India has a large concentration of young adults, and the population has been observed to have a comparatively higher urge of parenthood. However, research states that nearly 22 to 33 million couples in the reproductive age are suffering from lifetime infertility. It is estimated that women account for 40 to 50 per cent of infertility among infertile couples, while men account for 30 to 40 per cent. To top it, various factors like changing lifestyle and a huge number of sub-fertile population contribute to the increased demand for infertility treatments.
Research states that ethnicity also has a major impact on fertility. A study involving Spanish (n=229) and Indian women (n=236), in 2014, reported that:
- Indian women had lower Anti-Mullerian Hormone levels (AMH), higher Follicular Stimulating Hormone (FSH) levels, and a longer duration of infertility despite being significantly younger.
- Indian women had an earlier onset of decline in Antral Follicular Counts (AFC), nearly 6.3 years earlier than the Spanish cohort.
- Despite younger age and similar embryo quality, Indian-American women had a significantly lower live birth rate following IVF than white American women (24 per cent versus 41 per cent, respectively) suggesting poorer ovarian reserve.
- Lower IVF success rates, longer duration of infertility, lower AFC and AMH levels in Indian and South Asian women, occurring at a younger age compared to Caucasians, suggest poor ovarian reserve and an earlier onset of infertility.
These factors combined make India an infertility capital with a huge potential for reproductive medicine.
How does ART Fertility tend to make a difference as compared to other IVF players in the Indian market?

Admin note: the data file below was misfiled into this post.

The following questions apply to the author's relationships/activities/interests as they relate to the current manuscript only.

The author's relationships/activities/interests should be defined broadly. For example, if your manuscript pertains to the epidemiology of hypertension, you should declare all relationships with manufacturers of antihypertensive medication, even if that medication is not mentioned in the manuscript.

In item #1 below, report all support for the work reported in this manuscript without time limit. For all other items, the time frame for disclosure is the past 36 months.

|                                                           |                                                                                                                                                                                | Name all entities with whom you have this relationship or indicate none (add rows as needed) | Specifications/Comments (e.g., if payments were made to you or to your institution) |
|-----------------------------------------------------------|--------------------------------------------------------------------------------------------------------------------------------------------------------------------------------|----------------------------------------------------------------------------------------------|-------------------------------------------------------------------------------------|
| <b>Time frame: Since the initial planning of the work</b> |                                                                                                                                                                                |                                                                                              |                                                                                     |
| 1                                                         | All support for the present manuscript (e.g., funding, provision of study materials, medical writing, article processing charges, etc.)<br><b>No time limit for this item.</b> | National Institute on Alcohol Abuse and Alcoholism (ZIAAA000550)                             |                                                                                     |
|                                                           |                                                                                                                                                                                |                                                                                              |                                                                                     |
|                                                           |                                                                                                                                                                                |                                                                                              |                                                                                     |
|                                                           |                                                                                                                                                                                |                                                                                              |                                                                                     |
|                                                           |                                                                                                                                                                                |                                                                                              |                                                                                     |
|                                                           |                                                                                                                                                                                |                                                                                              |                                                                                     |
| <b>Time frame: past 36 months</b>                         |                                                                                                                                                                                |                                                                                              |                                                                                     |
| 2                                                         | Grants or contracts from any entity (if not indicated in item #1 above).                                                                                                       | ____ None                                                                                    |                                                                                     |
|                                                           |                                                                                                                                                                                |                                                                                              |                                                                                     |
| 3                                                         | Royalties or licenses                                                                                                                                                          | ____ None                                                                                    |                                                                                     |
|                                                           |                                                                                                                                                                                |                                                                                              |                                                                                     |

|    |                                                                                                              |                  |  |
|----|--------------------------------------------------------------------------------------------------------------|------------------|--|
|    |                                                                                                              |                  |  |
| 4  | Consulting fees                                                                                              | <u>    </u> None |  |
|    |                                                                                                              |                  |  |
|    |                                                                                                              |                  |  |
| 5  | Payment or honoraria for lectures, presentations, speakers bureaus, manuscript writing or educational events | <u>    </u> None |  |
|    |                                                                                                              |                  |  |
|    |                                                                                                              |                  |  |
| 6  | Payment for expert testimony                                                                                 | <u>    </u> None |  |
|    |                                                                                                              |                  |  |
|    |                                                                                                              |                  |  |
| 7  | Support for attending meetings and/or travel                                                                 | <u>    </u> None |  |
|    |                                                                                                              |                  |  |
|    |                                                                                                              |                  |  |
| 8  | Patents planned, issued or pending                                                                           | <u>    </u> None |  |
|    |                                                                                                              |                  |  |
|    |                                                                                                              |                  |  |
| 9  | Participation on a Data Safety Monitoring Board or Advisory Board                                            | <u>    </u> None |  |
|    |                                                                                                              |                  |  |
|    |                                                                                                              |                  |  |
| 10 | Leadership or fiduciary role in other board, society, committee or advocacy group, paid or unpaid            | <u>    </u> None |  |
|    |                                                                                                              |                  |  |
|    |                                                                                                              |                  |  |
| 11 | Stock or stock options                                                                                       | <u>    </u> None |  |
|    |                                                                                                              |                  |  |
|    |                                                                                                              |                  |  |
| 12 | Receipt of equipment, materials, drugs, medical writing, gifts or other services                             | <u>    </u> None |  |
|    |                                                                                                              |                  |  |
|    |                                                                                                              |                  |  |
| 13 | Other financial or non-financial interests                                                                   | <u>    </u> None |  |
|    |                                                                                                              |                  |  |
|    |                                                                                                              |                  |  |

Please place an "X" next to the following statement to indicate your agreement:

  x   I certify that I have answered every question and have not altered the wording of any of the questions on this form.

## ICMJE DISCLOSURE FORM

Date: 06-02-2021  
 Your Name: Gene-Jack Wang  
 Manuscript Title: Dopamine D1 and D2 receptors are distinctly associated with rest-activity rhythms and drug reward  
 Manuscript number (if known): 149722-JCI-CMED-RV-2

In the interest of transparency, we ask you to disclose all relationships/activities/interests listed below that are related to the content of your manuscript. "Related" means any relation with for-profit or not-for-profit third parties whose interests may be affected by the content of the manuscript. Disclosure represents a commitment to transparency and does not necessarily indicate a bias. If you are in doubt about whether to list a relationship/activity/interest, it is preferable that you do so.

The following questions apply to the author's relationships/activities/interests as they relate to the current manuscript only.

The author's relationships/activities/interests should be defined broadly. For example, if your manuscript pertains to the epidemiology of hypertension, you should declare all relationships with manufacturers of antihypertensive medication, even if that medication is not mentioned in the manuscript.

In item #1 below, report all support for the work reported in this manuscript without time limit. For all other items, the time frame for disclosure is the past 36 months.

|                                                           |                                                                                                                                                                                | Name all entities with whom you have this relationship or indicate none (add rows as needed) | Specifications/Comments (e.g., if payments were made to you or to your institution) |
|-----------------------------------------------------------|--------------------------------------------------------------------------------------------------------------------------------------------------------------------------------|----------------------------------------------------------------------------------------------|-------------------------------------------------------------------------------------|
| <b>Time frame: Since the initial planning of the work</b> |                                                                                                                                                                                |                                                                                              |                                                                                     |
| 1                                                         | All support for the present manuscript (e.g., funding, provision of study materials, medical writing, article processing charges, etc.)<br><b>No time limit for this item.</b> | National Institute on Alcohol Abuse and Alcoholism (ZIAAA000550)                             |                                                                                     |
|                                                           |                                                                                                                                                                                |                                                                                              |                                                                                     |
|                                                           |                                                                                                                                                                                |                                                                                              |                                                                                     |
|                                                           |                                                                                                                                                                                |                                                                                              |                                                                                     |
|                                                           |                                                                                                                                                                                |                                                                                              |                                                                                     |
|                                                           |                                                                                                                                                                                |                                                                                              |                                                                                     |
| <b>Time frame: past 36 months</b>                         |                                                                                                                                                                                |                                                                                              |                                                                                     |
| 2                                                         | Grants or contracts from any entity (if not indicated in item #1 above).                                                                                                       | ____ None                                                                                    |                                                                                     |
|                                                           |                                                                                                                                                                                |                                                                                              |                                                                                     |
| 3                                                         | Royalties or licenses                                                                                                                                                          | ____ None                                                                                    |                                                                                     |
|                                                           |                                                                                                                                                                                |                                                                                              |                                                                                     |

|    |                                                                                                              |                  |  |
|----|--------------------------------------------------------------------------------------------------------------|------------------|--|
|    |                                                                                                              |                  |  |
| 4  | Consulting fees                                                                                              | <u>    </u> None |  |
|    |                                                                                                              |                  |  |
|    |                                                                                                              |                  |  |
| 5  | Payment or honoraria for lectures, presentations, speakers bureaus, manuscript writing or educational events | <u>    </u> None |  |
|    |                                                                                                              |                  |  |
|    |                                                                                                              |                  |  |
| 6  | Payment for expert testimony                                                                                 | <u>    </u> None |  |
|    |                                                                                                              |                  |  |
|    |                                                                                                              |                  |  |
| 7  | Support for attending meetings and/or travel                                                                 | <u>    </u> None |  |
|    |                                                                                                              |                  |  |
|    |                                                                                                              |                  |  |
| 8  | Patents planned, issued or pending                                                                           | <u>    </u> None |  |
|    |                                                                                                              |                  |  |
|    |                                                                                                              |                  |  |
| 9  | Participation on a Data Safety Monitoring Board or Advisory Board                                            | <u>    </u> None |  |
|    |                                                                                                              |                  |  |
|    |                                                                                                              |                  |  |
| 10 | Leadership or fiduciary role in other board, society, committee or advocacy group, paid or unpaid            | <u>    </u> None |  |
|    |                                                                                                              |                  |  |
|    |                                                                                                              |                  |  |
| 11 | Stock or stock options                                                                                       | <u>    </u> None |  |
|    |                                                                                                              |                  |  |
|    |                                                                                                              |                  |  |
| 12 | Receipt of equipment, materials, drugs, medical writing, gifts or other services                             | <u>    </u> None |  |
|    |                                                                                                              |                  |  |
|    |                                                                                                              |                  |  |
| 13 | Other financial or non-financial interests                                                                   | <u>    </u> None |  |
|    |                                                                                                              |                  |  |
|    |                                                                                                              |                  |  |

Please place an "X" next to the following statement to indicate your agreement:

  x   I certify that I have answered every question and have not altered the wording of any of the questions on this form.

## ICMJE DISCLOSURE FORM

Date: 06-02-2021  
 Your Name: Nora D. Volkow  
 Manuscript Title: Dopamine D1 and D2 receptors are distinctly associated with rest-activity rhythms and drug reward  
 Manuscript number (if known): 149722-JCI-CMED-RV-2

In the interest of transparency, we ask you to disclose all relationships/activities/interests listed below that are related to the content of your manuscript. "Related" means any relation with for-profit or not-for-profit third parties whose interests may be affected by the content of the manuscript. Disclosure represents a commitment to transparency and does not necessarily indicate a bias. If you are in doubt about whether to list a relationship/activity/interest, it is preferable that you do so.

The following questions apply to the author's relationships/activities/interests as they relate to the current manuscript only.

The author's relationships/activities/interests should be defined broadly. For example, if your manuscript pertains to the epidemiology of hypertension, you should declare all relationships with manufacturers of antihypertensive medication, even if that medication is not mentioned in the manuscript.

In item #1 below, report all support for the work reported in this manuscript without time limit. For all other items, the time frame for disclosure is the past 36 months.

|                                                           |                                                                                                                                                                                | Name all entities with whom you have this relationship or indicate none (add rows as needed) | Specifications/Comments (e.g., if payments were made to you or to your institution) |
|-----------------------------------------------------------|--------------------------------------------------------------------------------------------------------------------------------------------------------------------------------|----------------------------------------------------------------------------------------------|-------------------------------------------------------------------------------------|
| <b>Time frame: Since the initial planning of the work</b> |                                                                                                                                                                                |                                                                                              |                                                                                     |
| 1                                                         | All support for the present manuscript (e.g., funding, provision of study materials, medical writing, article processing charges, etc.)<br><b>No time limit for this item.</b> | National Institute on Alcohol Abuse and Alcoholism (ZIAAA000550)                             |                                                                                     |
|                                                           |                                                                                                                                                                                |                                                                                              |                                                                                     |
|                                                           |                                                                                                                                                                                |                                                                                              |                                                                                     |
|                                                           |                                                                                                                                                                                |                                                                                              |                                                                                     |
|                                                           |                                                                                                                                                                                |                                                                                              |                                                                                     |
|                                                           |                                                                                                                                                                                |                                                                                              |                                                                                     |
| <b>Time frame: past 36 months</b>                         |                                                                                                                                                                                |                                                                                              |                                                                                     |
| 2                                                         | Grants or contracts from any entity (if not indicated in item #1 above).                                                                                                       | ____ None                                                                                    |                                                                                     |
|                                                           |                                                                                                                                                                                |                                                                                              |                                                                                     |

ART Fertility Clinics brings one-of-a-kind world-class centres in India starting with a centre in Gurugram. It is second to none in the country and can also be compared to clinics in the major cities of the world. We have the best infrastructure and facilities in the country, but we are not premium-charged clinics. Our aim is to provide world-class services at an affordable price.
We have a wide science and innovation programme through which our clinicians are undertaking research in a diverse field of topics related to human reproduction. We currently have 41 areas of active investigative research. At our clinics, we have designed the most efficient facility layouts to ensure patient safety and the best medical outcomes. We have invested in the latest and most technologically-advanced infrastructure, including AI-enabled incubators, microscopes, next-generation sequencers, four-dimensional ultrasound machines and the OR equipment and tools.
We adhere to a technology that is radio frequency identification (RFID)-barcoded to maintain the full transparency between the patients and the clinic. It enables us in eliminating the chances of human errors. We use sensor technology from the Netherlands to keep a check on humidity, temperature and PH levels for the best clinical outcomes and we have a one-priced cycle for our patients. There are no hidden costs attached to our treatment.
Some of our latest equipment are:
- RI witness system: ensures no mixing of embryos/sperms amongst patients
- Xiltrix alarm system: alarm system that is fitted with sensors to continuously monitor temperature, humidity and gases associated with key equipment and Volatile Organic Compunds (VOCs)
- ZAND-air PCOC: ensures healthy and filtered airflow throughout the IVF lab
- G 210 incubators: the most advanced and revolutionary incubators that combine optimal embryo growth conditions with advanced user control
Which are the cities where ART Fertility will open its eight clinics this year, and what all do you have in the pipeline for further expanding your business?
We plan to launch 18 clinics across the country by the end of 2022. Our aim for this year is to commence operation in eight clinics in India out of which three in Gurugram, New Delhi and Ahmedabad have already started, and the rest are planned in Hyderabad, Mumbai, Chennai, Bengaluru and Kolkata by August-September.